An argument against naturalism

Photo by hosein zanbori on Unsplash

Naturalism is a very popular position in contemporary philosophy. A good number of philosophers identify as naturalists, as do many of those who study philosophy at the university or else on their own. But I am not very sympathetic to naturalism at all, although I can understand why it is so charming in the minds of some. In what follows, I want to give what I consider to be a basic but strong argument against naturalism. In a later post, I will write about why naturalism is so appealing to many.

As I understand it, there are two fundamental convictions which inform naturalism. These are:

(1) Materialist ontology: At its most fundamental level, reality consists of interacting material objects describable entirely in terms of primary qualities.

(2) Scientific epistemology: The picture of the world put forth by well established sciences is the true one by which all others should be measured.

The problem with naturalism is that these two commitments are actually in tension with one another. “Materialist” naturalism and “scientific” naturalism, as we might call them, are not so obviously compatible as one might think. And depending on which commitment the naturalist prioritizes, naturalism either becomes a bias or else nothing in particular.

Suppose the naturalist prioritizes the commitment to scientific epistemology. This means that the “scientific” naturalist is committed first and foremost to the picture of the world put forth by the well established sciences (assuming that there is any such picture). But one clearly could not limit one’s commitments to the picture proposed by contemporary well established sciences, since science is incomplete and always subject to revision. For all we know, there could be a significant paradigm shift which would totally undermine the picture of the world which the well established sciences put forth today. Naturalism must therefore be a commitment to the picture of the world put forth by a future ideal science.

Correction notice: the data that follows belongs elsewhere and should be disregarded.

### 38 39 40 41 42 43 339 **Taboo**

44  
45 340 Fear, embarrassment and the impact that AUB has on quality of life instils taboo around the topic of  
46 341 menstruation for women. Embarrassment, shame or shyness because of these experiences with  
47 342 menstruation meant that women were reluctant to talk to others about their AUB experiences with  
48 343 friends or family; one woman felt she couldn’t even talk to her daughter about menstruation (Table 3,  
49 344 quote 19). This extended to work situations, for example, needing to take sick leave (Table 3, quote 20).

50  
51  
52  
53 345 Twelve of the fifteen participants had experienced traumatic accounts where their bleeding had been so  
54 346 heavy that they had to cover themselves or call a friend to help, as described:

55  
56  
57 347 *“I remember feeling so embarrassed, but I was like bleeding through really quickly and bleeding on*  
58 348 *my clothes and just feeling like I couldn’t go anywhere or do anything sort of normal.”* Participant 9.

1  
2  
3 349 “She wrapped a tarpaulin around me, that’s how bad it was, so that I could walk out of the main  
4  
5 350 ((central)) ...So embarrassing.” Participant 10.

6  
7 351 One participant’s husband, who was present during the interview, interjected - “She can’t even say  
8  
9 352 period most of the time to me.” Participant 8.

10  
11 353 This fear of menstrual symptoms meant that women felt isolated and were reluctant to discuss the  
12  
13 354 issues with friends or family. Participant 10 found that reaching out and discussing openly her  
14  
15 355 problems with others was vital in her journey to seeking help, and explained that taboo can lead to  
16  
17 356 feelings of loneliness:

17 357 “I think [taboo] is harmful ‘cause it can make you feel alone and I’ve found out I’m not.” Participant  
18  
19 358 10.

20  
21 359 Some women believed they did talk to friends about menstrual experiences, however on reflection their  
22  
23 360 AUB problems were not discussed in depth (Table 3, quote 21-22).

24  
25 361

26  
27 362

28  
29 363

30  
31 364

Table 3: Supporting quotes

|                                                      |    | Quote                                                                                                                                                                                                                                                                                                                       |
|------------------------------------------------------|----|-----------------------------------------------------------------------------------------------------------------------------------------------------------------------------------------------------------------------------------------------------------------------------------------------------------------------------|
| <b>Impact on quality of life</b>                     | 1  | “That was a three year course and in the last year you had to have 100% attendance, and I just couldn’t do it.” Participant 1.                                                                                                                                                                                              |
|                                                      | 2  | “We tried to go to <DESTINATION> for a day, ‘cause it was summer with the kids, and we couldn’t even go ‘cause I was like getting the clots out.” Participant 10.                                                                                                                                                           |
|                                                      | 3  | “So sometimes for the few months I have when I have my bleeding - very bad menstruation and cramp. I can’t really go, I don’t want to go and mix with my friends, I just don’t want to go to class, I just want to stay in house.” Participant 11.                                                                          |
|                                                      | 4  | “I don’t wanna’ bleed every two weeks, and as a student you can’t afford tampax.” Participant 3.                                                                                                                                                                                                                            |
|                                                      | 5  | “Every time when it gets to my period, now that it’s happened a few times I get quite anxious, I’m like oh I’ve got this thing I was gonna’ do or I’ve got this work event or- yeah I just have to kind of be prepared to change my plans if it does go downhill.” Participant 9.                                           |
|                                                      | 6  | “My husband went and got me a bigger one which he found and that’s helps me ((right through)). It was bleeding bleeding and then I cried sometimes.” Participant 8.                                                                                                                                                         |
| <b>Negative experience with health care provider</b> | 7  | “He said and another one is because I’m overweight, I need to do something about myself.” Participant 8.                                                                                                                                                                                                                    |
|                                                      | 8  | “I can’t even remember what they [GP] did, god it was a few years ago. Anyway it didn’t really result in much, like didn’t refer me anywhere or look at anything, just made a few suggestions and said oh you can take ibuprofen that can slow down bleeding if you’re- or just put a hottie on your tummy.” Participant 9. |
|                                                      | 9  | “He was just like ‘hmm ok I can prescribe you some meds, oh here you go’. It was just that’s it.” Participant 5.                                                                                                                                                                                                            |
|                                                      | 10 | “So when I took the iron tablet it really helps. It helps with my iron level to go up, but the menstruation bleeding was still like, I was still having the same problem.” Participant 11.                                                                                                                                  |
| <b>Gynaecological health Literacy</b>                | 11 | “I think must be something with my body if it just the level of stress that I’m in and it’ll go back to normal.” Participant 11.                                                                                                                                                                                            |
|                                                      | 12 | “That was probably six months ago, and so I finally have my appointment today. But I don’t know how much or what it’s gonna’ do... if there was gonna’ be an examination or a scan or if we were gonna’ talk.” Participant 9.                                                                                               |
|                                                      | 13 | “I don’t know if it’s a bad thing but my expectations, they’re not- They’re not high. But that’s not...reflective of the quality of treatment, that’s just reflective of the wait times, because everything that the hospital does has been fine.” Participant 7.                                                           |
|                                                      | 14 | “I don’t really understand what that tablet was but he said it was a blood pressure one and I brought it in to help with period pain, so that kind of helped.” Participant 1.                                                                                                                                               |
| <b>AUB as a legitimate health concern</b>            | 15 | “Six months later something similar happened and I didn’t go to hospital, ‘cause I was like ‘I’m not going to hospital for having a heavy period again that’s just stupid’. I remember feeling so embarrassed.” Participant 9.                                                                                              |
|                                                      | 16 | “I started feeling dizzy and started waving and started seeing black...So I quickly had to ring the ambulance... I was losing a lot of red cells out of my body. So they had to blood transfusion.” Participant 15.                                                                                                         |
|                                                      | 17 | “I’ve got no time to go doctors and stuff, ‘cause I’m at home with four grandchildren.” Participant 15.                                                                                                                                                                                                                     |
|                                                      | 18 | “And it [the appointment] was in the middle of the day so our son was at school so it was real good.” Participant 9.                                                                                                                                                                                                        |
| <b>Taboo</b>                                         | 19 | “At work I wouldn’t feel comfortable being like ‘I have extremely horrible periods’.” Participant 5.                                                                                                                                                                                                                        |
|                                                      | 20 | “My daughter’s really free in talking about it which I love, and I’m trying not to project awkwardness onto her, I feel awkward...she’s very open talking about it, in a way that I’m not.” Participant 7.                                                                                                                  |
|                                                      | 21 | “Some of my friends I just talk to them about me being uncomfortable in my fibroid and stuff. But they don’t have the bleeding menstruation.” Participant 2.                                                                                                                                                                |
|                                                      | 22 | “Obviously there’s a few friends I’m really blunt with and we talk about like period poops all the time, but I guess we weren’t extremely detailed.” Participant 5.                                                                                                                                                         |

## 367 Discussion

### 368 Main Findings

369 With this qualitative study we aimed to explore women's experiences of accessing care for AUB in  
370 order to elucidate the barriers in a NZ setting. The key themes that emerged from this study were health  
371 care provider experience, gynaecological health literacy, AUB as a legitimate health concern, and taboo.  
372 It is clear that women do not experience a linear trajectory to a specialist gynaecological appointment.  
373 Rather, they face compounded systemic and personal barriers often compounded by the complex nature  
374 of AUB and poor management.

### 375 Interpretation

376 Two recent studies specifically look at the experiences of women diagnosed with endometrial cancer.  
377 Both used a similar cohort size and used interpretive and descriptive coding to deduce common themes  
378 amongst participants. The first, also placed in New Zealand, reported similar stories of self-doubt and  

But if naturalism is the commitment to the picture of the world proposed by a future ideal science, then naturalism is not a philosophy with any definite content. This is because we do not know and cannot know ahead of time what the proposed world-picture of a future ideal science would look like. We cannot simply assume that it is anything like what we have now, since paradigm shifts happen and there is no way to tell how close our present scientific world-picture is to the ideal. For example, perhaps the future ideal science will posit the existence of God. One could not say a priori that the future ideal science would not make such a supposition. In the first place, one cannot know that future ideal scientists will work according to the same standards as contemporary sciences. And in the second place, even if future ideal scientists work according to the same standards as contemporary scientists, one cannot know that they could not find a way of making theism compatible with these standards. The point is that we cannot simply take for granted that the future ideal science is like contemporary science. Therefore, if one opts for “scientific” naturalism as a commitment to the picture of the world proposed by a future ideal science, then naturalism is nothing in particular and does not exclude anything.